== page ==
I usually prefer not to develop a single roll of film, since I have a tank that can hold two spools of 35mm film. Since it takes long enough to get all the chemistry to the correct temperature, it just makes way more sense for me to do them both at the same time.

I haven’t had any problems at all processing color film. So far I’ve done six rolls with these chemicals, so I’ve already more than gotten my money’s worth out of them.

I was worried about the chemicals this time, because I didn’t use them for a month and have stored them on my enclosed back porch, which isn’t AS cold as being outside, but is still cold enough that we use it as a makeshift refrigerator in the winter.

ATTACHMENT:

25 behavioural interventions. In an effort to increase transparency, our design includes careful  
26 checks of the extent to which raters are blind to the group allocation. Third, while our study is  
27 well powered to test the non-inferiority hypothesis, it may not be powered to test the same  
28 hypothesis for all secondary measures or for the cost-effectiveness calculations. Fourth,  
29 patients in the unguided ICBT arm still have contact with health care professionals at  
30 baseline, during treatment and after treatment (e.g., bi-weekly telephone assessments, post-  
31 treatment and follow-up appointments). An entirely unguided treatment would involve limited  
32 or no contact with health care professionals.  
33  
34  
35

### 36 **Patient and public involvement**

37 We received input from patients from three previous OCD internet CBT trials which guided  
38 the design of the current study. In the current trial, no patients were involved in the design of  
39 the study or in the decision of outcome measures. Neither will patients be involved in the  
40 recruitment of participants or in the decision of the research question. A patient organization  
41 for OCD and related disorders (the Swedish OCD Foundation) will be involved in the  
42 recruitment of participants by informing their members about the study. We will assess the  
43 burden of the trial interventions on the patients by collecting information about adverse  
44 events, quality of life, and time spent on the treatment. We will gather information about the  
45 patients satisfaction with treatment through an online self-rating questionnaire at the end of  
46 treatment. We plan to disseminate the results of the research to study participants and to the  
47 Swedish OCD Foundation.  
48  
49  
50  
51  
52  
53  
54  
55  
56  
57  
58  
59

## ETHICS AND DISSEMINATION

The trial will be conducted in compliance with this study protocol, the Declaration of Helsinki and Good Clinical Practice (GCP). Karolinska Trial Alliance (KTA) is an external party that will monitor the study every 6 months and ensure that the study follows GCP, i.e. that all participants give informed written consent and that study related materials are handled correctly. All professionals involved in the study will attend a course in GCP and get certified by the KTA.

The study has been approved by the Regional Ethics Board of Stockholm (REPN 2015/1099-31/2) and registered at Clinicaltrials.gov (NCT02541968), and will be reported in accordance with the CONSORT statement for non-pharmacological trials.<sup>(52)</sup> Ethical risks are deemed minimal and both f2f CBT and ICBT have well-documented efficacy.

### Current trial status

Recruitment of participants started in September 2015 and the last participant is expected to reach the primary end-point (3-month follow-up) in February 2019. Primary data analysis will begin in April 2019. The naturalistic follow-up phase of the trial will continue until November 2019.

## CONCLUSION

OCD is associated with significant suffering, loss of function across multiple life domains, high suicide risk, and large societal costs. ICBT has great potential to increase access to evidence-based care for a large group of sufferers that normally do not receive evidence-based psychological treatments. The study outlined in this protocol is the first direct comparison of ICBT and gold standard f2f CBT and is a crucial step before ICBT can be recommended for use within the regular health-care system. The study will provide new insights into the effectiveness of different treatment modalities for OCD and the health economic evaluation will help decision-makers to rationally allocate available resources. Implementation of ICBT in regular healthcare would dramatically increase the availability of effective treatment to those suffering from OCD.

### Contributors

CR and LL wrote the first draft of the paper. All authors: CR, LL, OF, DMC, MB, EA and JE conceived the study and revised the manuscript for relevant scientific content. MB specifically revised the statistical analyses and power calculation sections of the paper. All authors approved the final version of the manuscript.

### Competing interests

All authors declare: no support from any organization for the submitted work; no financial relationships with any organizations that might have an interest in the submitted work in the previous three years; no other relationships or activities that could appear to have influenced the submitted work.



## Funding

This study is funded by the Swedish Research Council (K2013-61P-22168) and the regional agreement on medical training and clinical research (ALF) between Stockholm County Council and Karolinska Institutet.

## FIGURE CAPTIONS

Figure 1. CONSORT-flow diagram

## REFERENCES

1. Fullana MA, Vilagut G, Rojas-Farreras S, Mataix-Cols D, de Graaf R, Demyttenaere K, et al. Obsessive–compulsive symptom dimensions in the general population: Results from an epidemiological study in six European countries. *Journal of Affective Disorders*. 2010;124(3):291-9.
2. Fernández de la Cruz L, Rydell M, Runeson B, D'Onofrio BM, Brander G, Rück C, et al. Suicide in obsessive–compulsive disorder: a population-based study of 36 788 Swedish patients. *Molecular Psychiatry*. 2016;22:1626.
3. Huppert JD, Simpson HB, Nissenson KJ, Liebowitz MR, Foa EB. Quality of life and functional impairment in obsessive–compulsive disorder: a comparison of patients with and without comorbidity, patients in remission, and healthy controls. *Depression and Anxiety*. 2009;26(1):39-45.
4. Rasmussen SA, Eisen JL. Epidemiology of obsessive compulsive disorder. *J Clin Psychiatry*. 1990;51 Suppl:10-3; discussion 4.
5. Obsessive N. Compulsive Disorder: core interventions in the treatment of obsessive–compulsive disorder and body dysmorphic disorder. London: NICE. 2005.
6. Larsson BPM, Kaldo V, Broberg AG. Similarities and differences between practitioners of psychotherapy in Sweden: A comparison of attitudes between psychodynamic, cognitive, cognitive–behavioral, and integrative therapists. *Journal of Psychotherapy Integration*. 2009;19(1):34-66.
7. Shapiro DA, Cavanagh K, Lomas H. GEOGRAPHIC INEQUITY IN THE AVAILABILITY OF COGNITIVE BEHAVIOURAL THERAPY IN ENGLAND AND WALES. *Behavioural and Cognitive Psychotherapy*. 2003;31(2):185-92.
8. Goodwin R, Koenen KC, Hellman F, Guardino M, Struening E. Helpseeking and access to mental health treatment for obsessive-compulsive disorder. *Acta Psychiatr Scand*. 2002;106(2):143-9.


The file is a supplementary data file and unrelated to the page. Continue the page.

The developer is looking a little brown, but apart from that, there was no noticeable difference in the quality of the photos.

I’m going to keep using these chemicals until I notice any sort of degradation of the image–partly because I’m cheap, partly because I want to avoid mixing a new batch for as long as possible, and partly because I’m really curious to see how long they can realistically last.

Actually, I love everything about processing film. To me, the hassle is not a hassle at all–it’s a really gratifying process. I understand that digital is convenient and all, but it’s just not the same. It doesn’t have the same heart.

Film is half science, half magic, to me. Right now, my shots are sort of a cobbled-together record of my life, but what I really want to do is shoot purposeful, planned film shots, in which the medium itself is part of the expression.

All I want for Christmas is a bunch of different types of film, maybe some more chemicals. I’d love to lock myself in a darkroom for a week and make good use of my enlargers and the piles of negatives I have from the past five years.